Russian composer Pyotr Ilyich Tchaikovsky isn't known for his subtlety. His 1812 Overture is the only symphonic work that requires cannons, making him the direct lineal forebear of AC/DC. So the elegantly understated score to his opera Eugene Onegin will, no doubt, come as a surprise to many. In staging Onegin, Opera Theatre of Saint Louis director Kevin Newbury, conductor David Agler and their spectacularly talented cast use this straightforward and intimate piece of musical theater to create a uniquely satisfying evening of art as entertainment.
Eugene Onegin started out as a book-length poem written by the Russian master of that form, Aleksander Pushkin. It's an uncomplicated story: A young country girl, Tatiana, through her example of emotional honesty, teaches the meaning of love to a selfish urban sophisticate. Tragically, he understands too late.
Tchaikovsky's score is as unadorned as the plot. Onegin features achingly beautiful melodies woven together in a sinewy tapestry. Angler's conducting keeps the musical plots and subplots lean and unambiguous. The crew of Saint Louis Symphony Orchestra veterans in the pit combines clarity and restraint to illuminate this supple latticework of complementary melodies.
But this is opera, and ultimately the night belongs to the singers. Everyone in the cast brings their A game. The singing of the text is conversational. There isn't a forced or unnatural syllable. Their acting is spot on, too. Newbury's singers give performances that reflect the intimate scale of the staging. No one goes over the top, and even the most dramatic moments have the feel of everyday life.
Russian-born soprano Dina Kuznetsova is an experienced Tatiana. She has performed the part at the Opéra de Lille, the Théâtre de Caen and at the Lyric Opera of Chicago. Her voice combines sweetness and power, and she knows how to use both. Much of the musical tension in Eugene Onegin emanates from her long, emotional arias, each of which she wrings out completely, from dramatic wails to quiet sobs. It was a classic soprano performance for which the opening-night audience showed appreciation at every opportunity.
Baritone Christopher Magiera makes his OTSL debut as Onegin, while tenor Sean Panikkar (Count Almaviva in last season's Ghosts of Versailles), plays Lensky, Onegin's best friend. Both are compelling actors and stunningly talented singers. Panikkar's ringing, clear tone, exquisite timing and effortless, controlled attack perfectly decant Tchaikovsky's melodies. There is an eloquent sincerity to his portrayal of a simple man who stumbles into tragedy. Magiera's dark, burnished vocals are also both nimble and refined. His interpretation of Onegin has both musical breadth and emotional depth.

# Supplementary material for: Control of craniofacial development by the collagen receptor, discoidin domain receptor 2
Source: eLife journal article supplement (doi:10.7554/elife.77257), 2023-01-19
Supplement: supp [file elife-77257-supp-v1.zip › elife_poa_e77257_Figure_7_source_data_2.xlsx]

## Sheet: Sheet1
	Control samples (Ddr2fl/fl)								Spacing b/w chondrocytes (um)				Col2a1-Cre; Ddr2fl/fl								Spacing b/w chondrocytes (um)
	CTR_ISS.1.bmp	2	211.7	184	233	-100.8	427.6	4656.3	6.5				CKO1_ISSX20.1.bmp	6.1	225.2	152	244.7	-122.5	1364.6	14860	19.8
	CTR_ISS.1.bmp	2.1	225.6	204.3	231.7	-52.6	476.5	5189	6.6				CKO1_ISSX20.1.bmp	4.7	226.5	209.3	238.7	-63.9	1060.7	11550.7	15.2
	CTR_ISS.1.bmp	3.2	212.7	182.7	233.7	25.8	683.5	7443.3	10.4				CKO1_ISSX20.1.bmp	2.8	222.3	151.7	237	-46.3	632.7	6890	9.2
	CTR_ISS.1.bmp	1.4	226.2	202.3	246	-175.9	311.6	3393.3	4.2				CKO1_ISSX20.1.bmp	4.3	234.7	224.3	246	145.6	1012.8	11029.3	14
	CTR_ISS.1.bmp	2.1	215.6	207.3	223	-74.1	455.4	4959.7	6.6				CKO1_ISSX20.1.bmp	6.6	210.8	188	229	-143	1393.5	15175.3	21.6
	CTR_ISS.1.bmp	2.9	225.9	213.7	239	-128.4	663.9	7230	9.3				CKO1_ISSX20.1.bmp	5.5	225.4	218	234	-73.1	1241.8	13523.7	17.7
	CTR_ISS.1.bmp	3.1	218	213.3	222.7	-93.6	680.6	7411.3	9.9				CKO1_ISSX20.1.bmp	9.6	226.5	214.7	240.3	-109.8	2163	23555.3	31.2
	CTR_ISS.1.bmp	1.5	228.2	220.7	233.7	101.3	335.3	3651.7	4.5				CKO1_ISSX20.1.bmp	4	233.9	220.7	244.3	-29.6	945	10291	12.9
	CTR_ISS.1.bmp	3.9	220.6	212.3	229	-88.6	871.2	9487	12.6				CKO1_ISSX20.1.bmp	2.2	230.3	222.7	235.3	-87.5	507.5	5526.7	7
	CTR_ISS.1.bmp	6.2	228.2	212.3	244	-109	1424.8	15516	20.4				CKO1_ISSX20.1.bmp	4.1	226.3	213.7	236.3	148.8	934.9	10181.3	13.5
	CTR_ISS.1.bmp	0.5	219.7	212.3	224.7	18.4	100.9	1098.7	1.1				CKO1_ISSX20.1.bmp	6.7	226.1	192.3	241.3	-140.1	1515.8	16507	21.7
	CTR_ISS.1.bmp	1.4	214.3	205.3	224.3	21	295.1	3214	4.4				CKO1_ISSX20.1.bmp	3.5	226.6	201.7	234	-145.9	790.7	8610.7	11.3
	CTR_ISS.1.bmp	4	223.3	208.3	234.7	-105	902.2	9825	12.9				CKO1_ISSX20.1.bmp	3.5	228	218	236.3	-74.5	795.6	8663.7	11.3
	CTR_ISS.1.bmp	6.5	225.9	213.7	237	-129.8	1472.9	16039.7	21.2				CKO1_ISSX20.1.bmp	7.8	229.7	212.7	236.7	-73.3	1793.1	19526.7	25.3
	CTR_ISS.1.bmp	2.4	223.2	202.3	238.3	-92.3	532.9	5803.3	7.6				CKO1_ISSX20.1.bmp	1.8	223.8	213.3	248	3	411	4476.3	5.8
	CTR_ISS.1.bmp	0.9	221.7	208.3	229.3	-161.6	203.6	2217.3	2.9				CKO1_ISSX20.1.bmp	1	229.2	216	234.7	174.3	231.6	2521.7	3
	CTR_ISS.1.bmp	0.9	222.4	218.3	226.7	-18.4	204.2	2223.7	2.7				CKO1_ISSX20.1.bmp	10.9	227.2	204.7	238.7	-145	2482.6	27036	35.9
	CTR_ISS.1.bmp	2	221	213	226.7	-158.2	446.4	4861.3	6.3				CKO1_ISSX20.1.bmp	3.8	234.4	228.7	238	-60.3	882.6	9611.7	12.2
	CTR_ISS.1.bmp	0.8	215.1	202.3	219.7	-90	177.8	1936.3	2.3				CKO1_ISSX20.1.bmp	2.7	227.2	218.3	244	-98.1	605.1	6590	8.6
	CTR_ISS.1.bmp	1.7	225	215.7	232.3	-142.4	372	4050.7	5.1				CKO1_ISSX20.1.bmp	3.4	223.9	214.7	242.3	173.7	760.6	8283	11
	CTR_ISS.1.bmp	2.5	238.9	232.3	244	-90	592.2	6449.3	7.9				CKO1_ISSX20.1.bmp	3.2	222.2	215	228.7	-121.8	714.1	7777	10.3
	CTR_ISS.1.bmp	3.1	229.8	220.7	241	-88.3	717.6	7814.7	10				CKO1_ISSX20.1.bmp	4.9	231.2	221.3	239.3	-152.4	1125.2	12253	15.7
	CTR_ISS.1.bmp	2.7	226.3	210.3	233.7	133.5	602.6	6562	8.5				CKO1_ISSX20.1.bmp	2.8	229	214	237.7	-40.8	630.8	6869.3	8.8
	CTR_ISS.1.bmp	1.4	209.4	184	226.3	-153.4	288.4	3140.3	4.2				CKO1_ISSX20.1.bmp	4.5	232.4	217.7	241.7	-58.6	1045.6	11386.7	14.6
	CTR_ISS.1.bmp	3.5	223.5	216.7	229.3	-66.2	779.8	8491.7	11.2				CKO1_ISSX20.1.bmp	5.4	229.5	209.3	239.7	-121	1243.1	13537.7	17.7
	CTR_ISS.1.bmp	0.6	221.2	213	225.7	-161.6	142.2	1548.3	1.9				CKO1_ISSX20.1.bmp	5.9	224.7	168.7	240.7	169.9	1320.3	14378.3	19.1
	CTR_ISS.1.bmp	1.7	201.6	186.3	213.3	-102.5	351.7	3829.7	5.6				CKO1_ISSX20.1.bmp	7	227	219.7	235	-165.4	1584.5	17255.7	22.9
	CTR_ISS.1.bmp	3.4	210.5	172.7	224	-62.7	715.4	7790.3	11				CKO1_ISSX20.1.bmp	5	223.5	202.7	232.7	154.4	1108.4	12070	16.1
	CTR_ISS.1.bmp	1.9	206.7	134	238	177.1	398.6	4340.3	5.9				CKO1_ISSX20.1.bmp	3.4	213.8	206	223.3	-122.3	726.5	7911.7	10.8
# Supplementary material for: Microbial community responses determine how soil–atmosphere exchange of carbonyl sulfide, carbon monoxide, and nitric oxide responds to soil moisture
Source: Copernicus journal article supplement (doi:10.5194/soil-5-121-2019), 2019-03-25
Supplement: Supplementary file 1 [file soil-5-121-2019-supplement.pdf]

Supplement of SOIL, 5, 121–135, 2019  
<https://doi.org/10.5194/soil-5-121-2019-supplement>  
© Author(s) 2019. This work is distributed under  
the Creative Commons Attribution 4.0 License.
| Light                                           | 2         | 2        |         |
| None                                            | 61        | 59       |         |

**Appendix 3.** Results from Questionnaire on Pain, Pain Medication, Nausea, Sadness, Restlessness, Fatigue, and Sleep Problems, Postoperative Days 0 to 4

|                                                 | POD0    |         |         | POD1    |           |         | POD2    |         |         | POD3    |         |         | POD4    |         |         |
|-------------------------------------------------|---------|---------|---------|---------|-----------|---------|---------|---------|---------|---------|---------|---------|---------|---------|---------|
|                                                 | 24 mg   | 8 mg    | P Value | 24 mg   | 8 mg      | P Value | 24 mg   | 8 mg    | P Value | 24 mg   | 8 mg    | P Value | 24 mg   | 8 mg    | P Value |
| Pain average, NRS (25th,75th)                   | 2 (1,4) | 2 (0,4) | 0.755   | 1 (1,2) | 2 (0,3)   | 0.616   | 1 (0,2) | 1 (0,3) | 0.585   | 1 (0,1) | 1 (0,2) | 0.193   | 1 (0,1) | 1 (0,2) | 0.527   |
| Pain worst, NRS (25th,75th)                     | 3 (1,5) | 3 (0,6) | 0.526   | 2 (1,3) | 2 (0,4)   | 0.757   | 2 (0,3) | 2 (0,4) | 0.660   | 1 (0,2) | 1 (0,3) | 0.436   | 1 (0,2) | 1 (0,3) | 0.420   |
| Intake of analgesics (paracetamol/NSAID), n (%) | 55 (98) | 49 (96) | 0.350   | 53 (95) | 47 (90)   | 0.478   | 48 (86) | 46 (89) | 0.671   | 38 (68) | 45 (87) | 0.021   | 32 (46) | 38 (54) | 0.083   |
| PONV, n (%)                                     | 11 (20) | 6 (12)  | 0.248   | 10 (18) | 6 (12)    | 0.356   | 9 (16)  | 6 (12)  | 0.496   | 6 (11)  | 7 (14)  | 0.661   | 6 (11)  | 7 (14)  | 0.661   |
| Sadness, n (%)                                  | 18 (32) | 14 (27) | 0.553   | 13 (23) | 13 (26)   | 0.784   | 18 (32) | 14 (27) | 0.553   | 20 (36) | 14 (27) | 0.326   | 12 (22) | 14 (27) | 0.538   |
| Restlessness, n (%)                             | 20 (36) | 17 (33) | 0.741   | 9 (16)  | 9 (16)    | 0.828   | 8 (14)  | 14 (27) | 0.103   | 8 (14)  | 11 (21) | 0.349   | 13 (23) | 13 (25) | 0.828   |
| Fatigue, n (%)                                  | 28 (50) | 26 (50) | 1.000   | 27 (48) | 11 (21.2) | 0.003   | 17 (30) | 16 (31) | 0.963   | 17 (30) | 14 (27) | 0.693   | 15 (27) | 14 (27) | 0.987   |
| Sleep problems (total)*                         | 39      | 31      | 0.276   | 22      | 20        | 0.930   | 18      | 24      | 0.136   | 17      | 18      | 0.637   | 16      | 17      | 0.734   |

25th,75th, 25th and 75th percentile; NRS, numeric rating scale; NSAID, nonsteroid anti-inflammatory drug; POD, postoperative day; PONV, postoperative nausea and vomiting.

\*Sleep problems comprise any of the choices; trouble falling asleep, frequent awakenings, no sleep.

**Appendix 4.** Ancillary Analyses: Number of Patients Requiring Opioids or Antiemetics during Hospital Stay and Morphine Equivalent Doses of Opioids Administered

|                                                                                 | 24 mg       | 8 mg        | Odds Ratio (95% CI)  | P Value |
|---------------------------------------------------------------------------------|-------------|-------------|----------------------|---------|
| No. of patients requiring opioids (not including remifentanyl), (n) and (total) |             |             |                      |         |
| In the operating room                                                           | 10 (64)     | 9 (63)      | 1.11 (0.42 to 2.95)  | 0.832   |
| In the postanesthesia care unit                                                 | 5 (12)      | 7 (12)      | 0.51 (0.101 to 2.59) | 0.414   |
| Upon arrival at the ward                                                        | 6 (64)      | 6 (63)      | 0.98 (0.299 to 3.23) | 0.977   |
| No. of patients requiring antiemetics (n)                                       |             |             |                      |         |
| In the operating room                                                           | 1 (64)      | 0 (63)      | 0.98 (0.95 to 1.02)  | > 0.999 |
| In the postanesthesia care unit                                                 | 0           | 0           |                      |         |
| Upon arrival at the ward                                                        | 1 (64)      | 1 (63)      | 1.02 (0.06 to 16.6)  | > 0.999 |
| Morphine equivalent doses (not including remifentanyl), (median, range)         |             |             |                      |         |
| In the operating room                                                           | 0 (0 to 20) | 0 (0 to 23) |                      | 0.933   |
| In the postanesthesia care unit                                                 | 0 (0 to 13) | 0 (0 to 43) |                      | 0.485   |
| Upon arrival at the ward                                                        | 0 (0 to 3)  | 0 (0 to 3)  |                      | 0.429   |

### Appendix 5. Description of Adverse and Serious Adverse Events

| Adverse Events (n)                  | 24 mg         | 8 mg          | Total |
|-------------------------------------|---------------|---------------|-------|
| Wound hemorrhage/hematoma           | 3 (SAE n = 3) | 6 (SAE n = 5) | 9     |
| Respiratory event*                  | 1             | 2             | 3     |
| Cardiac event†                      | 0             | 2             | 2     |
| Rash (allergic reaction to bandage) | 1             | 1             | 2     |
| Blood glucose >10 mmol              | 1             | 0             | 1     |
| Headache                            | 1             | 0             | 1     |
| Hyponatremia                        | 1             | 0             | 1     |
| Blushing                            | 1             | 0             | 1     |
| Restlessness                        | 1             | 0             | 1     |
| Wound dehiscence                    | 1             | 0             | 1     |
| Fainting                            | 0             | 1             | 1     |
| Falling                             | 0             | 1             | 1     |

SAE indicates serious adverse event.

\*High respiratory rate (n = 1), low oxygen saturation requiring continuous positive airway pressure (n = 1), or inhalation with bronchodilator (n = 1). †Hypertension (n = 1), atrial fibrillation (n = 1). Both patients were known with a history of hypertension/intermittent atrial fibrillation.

The supporting singers are every bit as good. Contralto Susan Shafer has played Filipyevna, Tatiana's governess, in several versions of Onegin at regional operas around the United States, and her graceful singing and textured performance enrich their scenes together. Andrew Drost is delightful and contributes the show's lightest moments with his deft turn as the charmingly silly Triquet. Oren Gradus' polished bass gives heft and believability to Prince Gremin, Tatiana's husband, even though he has a scant few minutes to do so. Lindsay Ammann is less convincing as Tatiana's sister, Olga, but her plush contralto is a rare treat.
Allen Moyer's set contributes to the aesthetics of the production. It executes to perfection the transition from rustic to elegant and makes complicated effects look easy. Christopher Akerlind's lighting is equally sympathetic and right on key.
OTSL offers an explanatory lecture before every performance of every opera. These are delivered an hour before show time by each opera's respective rehearsal pianist, in the Community Music School's auditorium next door to the theater. If you go to see Onegin, be sure to catch Curt Pajer's introductory lecture. His explication of Tchaikovsky's interlocking musical themes and the opera's elegant construction add immensely to the experience.